Brad Ritter and his wife Laura have 18 year-old triplets: Amanda, Adam, and Aaron. Brad, who is a fifth generation farmer, farms 1,000 acres of corn, soybeans, and vegetables (limas, peas, blackeyes) with this son Adam. His daughter Amanda, a pre-vet student, attends the University of Delaware, and his second son Aaron is currently undecided in his life path. Laura and Brad also own a self-storage facility and billboards, which Brad says keeps them “very busy.”
Brad uses either strip till, minimum till, or no-till on all of his family’s acreage. He also plants cover crops on every acre, usually sticking to radish blends. “We were first in the area to try radish back in the early 2000s,” Brad told NACD.
He’s been using strip till for the last five years on all his corn ground and some vegetable acres. “We started using strip till as a way to conserve fertilizer, increase root penetration, and increase yields which it has significantly,” he said. “We have found that strip tilling is the best of both worlds. It allows you to work the ground right in the planting bed and you can place the fertilizer exactly where it is needed. It also leaves the cover crop in place to reduce erosion.”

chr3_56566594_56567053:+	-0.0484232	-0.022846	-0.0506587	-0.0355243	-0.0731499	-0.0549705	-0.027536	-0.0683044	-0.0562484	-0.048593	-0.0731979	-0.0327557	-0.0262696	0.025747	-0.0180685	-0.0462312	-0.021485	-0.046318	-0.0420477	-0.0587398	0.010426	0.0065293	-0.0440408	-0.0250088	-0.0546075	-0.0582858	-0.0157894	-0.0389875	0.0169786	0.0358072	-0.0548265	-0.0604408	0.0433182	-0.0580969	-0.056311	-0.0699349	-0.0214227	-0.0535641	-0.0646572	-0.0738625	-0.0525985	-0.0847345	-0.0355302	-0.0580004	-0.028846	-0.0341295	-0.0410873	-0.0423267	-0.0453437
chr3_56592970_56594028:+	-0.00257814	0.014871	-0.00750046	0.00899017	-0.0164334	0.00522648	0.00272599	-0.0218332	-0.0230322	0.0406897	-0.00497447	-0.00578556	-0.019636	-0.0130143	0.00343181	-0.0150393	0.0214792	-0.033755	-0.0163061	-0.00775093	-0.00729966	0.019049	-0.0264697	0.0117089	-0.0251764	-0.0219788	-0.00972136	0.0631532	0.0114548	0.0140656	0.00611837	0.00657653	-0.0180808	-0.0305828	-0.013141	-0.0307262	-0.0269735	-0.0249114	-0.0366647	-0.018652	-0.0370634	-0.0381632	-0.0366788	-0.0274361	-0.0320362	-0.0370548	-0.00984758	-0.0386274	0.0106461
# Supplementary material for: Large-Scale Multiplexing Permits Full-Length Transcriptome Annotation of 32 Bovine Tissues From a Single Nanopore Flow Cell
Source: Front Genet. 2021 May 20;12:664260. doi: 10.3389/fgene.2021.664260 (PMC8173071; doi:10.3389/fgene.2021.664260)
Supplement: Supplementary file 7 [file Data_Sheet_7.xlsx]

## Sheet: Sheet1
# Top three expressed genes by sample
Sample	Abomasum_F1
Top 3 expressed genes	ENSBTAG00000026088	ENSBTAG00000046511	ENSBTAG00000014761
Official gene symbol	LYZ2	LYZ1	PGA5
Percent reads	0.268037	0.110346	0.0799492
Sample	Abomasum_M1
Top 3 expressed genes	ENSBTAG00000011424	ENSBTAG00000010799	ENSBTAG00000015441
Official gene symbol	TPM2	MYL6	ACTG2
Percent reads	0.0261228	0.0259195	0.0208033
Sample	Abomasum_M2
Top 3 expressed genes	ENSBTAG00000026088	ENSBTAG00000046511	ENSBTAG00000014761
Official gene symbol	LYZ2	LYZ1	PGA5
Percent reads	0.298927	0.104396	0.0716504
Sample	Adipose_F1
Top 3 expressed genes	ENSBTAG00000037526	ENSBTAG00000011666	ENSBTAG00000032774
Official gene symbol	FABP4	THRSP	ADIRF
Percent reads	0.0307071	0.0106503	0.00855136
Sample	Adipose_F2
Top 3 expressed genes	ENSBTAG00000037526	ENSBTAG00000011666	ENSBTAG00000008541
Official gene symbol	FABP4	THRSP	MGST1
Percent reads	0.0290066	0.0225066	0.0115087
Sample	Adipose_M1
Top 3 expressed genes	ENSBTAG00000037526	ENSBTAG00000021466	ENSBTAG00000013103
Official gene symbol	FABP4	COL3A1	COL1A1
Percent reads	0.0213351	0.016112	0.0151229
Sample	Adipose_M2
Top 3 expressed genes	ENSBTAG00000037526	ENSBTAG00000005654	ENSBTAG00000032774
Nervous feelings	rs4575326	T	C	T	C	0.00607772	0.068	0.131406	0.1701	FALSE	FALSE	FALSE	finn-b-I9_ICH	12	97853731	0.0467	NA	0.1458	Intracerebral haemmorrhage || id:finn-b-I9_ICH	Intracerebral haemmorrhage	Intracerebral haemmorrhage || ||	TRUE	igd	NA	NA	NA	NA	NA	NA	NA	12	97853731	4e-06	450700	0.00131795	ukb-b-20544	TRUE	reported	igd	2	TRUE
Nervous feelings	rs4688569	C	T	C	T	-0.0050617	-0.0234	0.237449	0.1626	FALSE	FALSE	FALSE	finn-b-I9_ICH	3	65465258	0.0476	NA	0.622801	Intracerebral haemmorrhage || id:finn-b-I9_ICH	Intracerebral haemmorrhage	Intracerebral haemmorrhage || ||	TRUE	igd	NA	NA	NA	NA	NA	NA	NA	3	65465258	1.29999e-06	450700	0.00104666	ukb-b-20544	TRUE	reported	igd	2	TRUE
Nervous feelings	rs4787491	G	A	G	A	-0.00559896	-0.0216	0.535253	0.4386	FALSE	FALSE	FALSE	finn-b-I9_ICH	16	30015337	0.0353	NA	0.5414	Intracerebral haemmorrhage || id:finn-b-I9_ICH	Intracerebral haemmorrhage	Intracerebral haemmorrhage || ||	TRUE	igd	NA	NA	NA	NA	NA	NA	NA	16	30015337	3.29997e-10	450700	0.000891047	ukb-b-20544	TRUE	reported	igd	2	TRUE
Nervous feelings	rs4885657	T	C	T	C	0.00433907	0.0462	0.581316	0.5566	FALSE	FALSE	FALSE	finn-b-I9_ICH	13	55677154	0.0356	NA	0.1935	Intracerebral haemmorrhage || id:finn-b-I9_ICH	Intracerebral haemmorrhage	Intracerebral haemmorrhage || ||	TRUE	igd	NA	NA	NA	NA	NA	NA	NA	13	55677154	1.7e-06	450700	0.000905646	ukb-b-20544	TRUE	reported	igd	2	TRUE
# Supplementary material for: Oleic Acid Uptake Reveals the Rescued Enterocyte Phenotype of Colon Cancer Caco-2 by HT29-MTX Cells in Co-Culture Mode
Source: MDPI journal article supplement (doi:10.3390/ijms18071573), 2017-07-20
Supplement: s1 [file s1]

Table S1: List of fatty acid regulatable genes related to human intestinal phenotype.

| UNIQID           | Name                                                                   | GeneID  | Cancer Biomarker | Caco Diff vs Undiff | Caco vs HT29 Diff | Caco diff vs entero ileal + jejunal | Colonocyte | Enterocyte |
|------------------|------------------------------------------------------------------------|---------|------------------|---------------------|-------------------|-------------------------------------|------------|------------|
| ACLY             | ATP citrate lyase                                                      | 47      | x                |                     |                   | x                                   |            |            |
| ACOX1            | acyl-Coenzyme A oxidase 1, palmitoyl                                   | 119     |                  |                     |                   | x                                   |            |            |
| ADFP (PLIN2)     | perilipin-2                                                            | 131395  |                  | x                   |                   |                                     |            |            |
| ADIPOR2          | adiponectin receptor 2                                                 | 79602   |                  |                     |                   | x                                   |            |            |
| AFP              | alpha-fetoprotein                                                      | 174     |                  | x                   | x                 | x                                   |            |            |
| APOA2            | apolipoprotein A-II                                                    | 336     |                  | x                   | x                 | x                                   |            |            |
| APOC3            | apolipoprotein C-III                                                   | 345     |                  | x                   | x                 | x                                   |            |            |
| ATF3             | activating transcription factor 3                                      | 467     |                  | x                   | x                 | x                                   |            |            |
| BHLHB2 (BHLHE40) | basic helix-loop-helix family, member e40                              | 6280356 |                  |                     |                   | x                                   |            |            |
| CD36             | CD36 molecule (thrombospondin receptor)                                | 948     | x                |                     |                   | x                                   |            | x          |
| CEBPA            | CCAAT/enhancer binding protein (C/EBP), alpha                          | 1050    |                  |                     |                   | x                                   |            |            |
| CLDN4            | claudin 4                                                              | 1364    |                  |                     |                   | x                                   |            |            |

Brad is working to find the perfect species and blend of cover crop. Some species create so much residue that they can plug the strip till and prevent a good seed bed, he said. Other challenges Brad has encountered are region-specific. Brad’s area has “extremely sandy soils” with low organic matter to begin with. It takes “many, many years of building (organic matter content with soil health practices) to make much of a difference in the organic matter of the soil,” he said. “We are getting there, but it’s a lot of investment of time and effort. In the end, we feel it is worth the effort.”
Another challenge unique to his area of the country is development pressure. “It seems like once we get a farm up to a productive level, it gets sold to a developer who then strips away all that topsoil we have worked so hard to build,” he said.